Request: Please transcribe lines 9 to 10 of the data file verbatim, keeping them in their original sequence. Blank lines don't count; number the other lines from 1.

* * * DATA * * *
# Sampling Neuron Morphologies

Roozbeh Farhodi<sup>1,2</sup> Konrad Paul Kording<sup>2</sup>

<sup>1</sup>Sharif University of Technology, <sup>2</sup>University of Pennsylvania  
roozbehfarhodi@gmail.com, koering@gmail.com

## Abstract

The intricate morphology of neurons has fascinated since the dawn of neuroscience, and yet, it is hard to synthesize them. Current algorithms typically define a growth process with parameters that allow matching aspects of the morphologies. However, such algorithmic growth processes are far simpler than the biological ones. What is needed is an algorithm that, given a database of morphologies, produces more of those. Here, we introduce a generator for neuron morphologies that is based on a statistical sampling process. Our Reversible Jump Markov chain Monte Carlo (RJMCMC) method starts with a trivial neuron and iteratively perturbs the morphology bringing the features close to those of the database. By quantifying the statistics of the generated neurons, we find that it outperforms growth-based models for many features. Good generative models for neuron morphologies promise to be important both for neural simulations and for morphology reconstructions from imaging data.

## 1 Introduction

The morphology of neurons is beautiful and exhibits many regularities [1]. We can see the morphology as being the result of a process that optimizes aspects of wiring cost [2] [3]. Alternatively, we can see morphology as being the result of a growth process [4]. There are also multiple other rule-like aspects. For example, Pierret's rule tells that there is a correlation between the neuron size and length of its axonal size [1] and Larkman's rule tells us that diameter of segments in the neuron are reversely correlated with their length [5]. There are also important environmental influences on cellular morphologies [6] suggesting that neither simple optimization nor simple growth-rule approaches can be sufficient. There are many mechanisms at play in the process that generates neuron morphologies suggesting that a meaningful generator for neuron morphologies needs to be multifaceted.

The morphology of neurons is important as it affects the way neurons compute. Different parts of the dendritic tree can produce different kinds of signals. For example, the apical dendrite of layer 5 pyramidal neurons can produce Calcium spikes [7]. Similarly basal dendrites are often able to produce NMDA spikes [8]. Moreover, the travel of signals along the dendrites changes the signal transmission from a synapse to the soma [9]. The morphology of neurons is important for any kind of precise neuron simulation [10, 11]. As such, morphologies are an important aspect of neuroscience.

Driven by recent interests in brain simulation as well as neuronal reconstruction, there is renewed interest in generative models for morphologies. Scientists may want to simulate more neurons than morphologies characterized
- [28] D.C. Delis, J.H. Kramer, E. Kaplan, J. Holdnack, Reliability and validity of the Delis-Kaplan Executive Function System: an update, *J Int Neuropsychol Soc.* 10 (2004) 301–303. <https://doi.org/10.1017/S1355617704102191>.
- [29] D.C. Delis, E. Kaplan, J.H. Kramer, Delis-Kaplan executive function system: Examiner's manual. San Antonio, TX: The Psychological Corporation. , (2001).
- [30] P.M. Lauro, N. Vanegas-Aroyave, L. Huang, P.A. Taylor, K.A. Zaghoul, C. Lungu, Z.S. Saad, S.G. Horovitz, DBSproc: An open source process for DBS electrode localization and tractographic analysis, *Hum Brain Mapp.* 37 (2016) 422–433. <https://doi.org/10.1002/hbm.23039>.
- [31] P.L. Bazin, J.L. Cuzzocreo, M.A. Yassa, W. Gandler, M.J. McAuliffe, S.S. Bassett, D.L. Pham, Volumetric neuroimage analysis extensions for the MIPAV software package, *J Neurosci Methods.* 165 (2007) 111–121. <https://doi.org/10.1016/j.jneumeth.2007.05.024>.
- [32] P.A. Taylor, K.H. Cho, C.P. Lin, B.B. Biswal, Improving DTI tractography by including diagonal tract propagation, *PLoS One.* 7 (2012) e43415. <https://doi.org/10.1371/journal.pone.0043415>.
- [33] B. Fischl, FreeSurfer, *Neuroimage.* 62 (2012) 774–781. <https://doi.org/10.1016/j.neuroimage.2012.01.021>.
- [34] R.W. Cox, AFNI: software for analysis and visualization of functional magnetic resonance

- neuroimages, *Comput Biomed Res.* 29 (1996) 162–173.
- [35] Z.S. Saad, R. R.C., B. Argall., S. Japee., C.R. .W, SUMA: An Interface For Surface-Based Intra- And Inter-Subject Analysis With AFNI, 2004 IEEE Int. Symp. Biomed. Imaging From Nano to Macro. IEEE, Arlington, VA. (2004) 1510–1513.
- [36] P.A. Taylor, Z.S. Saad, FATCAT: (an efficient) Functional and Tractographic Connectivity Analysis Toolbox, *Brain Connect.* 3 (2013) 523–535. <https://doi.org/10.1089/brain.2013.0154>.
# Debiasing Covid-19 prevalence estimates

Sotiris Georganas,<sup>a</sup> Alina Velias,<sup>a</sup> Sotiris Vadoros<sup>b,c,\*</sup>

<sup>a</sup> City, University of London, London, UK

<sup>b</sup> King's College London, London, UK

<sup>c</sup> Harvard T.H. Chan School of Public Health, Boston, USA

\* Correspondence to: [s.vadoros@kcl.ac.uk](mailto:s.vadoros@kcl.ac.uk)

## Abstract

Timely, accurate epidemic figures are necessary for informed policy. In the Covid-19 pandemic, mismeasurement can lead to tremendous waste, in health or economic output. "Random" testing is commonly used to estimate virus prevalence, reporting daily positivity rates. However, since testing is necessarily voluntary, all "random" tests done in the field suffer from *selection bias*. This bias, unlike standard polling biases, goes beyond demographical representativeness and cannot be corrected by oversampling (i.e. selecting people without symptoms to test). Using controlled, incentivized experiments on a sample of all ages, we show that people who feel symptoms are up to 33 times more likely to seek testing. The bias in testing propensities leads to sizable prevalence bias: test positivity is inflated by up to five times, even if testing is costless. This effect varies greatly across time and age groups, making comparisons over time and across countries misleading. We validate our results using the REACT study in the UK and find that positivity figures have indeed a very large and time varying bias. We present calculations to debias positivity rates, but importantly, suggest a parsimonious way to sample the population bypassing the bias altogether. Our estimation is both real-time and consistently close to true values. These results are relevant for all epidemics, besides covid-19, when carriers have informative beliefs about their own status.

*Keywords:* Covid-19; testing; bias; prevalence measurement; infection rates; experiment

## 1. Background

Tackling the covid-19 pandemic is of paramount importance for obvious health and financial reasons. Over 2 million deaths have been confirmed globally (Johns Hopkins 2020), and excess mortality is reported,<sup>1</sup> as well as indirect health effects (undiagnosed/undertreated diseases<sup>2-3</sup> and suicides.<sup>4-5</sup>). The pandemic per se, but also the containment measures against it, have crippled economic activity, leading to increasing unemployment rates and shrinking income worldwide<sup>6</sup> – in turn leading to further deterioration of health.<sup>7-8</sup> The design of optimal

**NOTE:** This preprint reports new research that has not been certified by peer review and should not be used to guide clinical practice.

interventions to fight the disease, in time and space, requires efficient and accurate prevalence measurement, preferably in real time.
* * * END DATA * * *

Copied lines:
The morphology of neurons is important as it affects the way neurons compute. Different parts of the dendritic tree can produce different kinds of signals. For example, the apical dendrite of layer 5 pyramidal neurons can produce Calcium spikes [7]. Similarly basal dendrites are often able to produce NMDA spikes [8]. Moreover, the travel of signals along the dendrites changes the signal transmission from a synapse to the soma [9]. The morphology of neurons is important for any kind of precise neuron simulation [10, 11]. As such, morphologies are an important aspect of neuroscience.

Driven by recent interests in brain simulation as well as neuronal reconstruction, there is renewed interest in generative models for morphologies. Scientists may want to simulate more neurons than morphologies characterized